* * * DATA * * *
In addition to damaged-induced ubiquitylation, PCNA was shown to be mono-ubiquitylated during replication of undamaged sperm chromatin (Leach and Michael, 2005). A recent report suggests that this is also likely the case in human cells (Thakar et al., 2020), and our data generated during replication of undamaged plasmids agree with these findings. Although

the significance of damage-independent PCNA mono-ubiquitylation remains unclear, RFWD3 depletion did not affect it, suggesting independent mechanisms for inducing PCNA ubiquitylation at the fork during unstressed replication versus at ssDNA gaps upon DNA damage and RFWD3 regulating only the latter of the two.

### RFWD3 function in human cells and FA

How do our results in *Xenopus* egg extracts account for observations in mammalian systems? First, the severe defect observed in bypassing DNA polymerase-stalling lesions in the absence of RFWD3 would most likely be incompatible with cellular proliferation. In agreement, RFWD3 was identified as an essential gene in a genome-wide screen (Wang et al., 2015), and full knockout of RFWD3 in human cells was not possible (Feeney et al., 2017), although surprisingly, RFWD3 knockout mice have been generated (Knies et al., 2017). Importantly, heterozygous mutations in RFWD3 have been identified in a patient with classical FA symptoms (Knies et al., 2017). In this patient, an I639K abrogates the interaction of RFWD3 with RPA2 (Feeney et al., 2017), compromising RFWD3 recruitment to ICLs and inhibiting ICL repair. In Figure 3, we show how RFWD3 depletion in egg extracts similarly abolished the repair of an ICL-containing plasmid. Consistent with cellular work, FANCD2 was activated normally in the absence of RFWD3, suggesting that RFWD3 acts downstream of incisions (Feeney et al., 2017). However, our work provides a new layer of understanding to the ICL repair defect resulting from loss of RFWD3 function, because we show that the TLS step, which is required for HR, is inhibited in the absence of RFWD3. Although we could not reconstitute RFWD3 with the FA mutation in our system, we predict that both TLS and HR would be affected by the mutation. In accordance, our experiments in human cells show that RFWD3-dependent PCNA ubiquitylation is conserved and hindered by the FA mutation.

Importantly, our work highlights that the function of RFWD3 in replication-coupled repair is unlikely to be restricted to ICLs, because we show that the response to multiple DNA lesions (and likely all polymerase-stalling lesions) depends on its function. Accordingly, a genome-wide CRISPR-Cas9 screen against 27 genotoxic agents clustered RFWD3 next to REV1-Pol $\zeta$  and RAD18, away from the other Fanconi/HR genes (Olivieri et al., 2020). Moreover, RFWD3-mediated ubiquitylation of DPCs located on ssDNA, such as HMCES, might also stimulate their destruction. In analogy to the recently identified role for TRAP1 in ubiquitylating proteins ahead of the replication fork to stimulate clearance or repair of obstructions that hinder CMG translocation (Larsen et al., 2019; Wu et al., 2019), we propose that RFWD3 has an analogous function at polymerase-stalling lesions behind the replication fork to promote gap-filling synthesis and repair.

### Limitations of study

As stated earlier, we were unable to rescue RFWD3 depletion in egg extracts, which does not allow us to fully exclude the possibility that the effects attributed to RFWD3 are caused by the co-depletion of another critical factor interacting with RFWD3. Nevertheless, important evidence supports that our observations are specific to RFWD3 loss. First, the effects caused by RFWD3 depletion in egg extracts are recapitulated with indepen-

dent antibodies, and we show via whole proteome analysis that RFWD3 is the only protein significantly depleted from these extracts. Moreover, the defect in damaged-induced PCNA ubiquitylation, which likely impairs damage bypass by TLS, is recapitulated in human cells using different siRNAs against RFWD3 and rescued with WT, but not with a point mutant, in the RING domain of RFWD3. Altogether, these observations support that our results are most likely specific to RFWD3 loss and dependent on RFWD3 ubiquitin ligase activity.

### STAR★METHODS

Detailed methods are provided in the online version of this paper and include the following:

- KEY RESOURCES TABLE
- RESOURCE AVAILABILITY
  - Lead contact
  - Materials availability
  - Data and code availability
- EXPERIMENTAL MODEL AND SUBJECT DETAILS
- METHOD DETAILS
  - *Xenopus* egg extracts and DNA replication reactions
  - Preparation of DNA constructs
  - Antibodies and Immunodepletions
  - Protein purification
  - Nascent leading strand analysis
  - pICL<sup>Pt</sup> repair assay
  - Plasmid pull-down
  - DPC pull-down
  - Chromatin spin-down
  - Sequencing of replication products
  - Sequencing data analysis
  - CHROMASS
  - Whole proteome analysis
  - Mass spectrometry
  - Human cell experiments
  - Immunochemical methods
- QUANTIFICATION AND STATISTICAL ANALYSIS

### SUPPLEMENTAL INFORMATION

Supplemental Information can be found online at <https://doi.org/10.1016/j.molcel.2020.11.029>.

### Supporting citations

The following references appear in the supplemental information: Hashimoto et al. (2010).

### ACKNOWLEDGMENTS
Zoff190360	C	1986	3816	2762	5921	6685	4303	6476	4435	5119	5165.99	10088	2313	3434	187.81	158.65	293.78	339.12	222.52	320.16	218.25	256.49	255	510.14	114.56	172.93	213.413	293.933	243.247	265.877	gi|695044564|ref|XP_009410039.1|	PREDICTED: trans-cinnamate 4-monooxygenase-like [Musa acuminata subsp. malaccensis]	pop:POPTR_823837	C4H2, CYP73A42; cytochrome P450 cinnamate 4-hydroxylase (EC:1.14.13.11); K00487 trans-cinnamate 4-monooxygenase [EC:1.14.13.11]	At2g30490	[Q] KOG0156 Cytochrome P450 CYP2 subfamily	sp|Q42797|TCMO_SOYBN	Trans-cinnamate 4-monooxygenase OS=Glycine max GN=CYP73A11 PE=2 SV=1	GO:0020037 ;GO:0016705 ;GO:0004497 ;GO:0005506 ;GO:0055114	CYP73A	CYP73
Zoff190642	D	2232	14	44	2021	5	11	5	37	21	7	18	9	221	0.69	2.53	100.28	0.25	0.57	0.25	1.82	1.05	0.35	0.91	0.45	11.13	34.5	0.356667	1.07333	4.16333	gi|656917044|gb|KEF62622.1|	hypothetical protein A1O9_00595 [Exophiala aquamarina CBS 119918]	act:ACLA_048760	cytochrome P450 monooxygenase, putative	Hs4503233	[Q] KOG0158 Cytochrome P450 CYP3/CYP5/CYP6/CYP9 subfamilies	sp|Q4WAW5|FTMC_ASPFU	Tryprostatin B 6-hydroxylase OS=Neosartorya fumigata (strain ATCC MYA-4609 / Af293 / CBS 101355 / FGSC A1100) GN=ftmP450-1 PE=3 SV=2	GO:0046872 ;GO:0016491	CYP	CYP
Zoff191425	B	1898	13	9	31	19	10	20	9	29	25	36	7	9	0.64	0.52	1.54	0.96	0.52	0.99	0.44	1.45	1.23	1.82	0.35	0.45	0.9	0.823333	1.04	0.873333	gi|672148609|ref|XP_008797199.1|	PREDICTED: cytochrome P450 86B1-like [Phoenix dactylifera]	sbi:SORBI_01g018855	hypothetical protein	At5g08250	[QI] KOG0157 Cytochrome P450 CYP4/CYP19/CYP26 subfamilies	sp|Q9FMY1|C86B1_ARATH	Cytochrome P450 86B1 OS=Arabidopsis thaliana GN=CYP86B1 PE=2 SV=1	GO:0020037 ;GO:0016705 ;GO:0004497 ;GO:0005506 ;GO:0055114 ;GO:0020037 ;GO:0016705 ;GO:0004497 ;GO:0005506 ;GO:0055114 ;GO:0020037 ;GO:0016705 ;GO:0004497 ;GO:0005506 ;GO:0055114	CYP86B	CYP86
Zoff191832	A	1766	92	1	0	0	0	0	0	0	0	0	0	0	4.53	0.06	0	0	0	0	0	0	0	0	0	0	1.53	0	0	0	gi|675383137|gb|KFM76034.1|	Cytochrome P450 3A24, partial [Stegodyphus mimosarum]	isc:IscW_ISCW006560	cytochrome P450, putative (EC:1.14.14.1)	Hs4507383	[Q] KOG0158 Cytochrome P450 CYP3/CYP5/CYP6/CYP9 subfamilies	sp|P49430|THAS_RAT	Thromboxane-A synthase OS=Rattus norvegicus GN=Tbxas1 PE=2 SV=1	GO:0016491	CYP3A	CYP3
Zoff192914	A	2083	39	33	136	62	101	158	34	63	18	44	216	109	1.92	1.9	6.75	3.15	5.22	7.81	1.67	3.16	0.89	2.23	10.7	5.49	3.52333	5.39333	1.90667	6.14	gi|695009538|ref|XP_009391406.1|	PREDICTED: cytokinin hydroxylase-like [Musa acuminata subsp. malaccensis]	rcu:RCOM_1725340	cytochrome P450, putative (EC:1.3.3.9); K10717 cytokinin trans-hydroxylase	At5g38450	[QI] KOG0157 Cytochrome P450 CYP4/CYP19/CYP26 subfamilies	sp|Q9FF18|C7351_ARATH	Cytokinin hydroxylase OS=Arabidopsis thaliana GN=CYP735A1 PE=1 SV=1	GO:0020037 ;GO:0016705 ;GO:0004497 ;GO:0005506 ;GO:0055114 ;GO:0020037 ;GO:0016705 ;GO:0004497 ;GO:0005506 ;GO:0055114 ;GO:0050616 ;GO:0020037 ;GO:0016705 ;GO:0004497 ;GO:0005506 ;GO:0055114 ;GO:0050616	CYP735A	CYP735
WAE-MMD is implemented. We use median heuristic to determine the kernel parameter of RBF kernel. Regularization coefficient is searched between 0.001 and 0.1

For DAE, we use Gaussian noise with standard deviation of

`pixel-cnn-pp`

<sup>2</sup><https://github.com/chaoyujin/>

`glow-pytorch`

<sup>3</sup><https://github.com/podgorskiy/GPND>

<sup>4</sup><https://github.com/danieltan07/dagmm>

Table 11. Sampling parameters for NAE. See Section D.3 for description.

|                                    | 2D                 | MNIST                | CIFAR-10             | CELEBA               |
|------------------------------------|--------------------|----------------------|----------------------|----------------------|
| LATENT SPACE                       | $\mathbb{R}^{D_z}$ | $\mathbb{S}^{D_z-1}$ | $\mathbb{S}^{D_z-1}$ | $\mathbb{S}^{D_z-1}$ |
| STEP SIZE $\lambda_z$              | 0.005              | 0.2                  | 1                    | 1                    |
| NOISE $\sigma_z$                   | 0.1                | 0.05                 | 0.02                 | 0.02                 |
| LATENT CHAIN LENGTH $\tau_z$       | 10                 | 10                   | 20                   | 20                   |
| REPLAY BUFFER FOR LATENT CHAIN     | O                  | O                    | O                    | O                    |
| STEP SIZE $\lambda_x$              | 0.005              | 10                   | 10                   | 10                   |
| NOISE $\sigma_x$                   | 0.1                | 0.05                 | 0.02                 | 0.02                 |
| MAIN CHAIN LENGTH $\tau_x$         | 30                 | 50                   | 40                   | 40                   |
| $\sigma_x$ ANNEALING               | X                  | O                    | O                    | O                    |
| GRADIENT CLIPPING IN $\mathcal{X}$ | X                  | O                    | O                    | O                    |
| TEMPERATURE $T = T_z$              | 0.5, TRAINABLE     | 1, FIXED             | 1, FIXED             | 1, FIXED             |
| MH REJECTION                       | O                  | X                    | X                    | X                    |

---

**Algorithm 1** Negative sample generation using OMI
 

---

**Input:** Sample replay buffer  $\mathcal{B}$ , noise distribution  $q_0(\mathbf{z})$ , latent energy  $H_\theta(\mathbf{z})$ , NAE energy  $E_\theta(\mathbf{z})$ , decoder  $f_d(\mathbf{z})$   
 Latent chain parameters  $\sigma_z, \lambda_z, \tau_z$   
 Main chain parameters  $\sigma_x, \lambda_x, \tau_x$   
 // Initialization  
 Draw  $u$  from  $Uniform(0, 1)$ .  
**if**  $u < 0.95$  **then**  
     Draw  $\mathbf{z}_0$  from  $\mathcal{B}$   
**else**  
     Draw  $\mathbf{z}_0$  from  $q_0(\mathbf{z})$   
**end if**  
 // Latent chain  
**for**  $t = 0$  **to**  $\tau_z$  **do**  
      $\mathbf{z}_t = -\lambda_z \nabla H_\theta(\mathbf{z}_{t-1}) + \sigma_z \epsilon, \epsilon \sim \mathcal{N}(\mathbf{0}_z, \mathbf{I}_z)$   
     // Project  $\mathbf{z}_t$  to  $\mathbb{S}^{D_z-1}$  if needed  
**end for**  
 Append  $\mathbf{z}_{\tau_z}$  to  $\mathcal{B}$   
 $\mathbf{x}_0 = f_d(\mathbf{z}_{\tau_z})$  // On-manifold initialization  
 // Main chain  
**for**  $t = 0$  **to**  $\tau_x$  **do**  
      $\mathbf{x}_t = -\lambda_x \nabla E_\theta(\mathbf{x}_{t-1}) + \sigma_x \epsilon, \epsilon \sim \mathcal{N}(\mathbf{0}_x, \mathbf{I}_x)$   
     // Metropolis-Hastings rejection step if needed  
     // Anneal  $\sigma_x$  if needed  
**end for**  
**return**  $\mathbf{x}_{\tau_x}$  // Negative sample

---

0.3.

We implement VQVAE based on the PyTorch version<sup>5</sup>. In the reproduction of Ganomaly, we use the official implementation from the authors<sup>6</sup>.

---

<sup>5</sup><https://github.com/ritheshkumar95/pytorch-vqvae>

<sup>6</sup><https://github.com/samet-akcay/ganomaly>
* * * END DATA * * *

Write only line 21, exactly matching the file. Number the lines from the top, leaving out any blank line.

  - Protein purification